There has been an alarming number of crashes involving pedestrians in the last few weeks:
WPRI: Pedestrian hit by vehicle near Taunton Green (March 1st)
A Taunton man is recovering after he was hit by a vehicle in the city Thursday afternoon.
Police said the man was struck around 12:15 p.m. while crossing the road near the Taunton Green.
Patrolman David DeOliveira happened to be in the area and was able to quickly respond and render first aid to the pedestrian, identified as Kristian Belcher.
WPRI: Dartmouth police investigating fatal hit-and-run accident (March 4th)
Dartmouth police are searching for a driver in a deadly hit-and-run accident.
Stasha Lynn Faria, 33, of Westport, was struck and killed near 653 State Road on Saturday night around 7 p.m.
Eyewitness News spoke with family members of the victim, who said she was optimistic, artistic, and a wonderful mother. Now they are hoping the driver turns themselves into police.
The Providence Journal: 74-year-old West Greenwich woman killed while crossing Route 102 (February 27th)
A 74-year-old woman was killed Monday night while trying to cross Route 102 near 860 Victory Highway, according to the police.
The police said that Betty Turnbull was walking her dog when she was struck at about 6:30 p.m. by a southbound car driven by Gab-Andy Montervil, 30, of Warwick.
WPRI: Woman dies after being hit by car in Providence (February 26th)
A Pawtucket woman who was hit by a car in Providence Friday night has died as a result of her injuries.
According to Providence police, Frances Rushlow was struck while crossing Smithfield Avenue in the area of Colfax Street.
Rushlow, 53, was rushed to Rhode Island Hospital with serious injuries, to which she eventually succumbed, police said.
The driver, identified as Derrick Santos, 33, of Pawtucket, was issued traffic violations for not using reduced speed or due care while driving.
This is continuing a bad trend, in 2017 there were 21 ped fatalities just in RI, up from 14 in 2016. But motorists often think they are entitled to drive dangerously and speed, witness all the push-back from fines when caught by speed cameras going at least 11 mph over the speed limit in school zones.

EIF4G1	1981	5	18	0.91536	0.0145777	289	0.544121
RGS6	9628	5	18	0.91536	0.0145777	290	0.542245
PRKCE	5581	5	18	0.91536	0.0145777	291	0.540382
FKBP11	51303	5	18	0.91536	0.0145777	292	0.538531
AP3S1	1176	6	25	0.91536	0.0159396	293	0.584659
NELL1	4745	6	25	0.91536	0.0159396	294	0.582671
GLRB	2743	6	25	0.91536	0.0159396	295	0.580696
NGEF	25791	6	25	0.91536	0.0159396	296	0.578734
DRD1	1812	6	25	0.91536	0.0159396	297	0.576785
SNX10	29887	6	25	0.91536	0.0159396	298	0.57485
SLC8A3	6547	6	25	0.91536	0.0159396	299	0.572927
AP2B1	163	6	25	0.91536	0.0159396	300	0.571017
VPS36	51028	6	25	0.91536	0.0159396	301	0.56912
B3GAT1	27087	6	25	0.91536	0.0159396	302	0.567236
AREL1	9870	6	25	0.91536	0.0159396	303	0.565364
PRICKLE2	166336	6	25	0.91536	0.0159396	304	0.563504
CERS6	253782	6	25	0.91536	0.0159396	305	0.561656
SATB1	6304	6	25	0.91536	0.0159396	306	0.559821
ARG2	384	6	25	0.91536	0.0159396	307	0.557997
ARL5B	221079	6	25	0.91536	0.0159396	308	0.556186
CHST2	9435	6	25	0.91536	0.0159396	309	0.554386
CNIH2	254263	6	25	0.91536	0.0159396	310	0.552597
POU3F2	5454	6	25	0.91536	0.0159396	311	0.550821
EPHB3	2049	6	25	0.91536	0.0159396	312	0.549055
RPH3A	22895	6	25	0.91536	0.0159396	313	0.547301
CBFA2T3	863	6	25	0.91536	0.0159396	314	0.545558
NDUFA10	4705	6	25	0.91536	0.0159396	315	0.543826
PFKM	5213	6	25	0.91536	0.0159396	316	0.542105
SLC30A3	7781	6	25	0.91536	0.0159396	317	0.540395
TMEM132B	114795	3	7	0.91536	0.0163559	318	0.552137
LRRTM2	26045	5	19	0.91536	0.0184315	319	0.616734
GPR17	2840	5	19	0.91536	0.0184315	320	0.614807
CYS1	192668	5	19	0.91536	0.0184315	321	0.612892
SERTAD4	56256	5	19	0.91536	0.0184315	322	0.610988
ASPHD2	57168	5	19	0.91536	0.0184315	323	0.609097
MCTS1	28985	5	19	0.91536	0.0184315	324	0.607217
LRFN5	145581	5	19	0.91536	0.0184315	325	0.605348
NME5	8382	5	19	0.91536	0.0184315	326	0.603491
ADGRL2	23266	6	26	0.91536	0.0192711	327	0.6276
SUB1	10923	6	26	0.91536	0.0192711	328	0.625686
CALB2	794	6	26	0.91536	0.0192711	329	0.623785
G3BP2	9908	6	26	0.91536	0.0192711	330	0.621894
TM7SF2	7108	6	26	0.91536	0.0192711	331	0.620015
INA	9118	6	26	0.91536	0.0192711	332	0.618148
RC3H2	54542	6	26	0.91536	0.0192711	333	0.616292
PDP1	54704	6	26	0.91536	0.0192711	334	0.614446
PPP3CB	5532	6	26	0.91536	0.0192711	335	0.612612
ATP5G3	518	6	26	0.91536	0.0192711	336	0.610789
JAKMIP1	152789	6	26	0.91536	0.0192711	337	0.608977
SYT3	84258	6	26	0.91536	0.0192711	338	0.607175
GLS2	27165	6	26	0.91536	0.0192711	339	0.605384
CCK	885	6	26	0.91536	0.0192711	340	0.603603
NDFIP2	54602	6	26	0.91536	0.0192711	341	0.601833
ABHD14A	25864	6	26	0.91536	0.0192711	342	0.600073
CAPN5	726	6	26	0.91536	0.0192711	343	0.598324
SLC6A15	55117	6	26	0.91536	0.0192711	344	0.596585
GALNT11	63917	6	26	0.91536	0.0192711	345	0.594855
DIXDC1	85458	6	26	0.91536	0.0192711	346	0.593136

“I am entitled to drive at deadly speed through your neighborhood, past your school, in my soundproof chamber while distracted by any device I choose. If you get run over it is your fault for wearing headphones, for wearing dark clothes etc.”
They’ve been having problems with this in Canada as well. There was an opinion piece in the Globe and Mail this morning by an Associate Professor of Planning who stated Toronto politicians have been ignoring traffic calming solutions at the public’s peril.
He cited the Netherlands, where in 1971, 3,300 people were killed (300 of them were children) a year in street accidents involving cars. There was a public outcry and politicians took steps to reshape the car-oriented streets into ones that could be used by everyone:
‘When cars slow down, not only are streets safer, but they become more enjoyable places to be. When good cycling infrastructure is present, people stop being “cyclists” and instead are just normal people going about ordinary, mundane activities. We need to stop thinking that bike lanes are only for “cyclists” and better sidewalks or more crossings are only for “pedestrians.” They are for everyone and they give people choices as to how they get around.’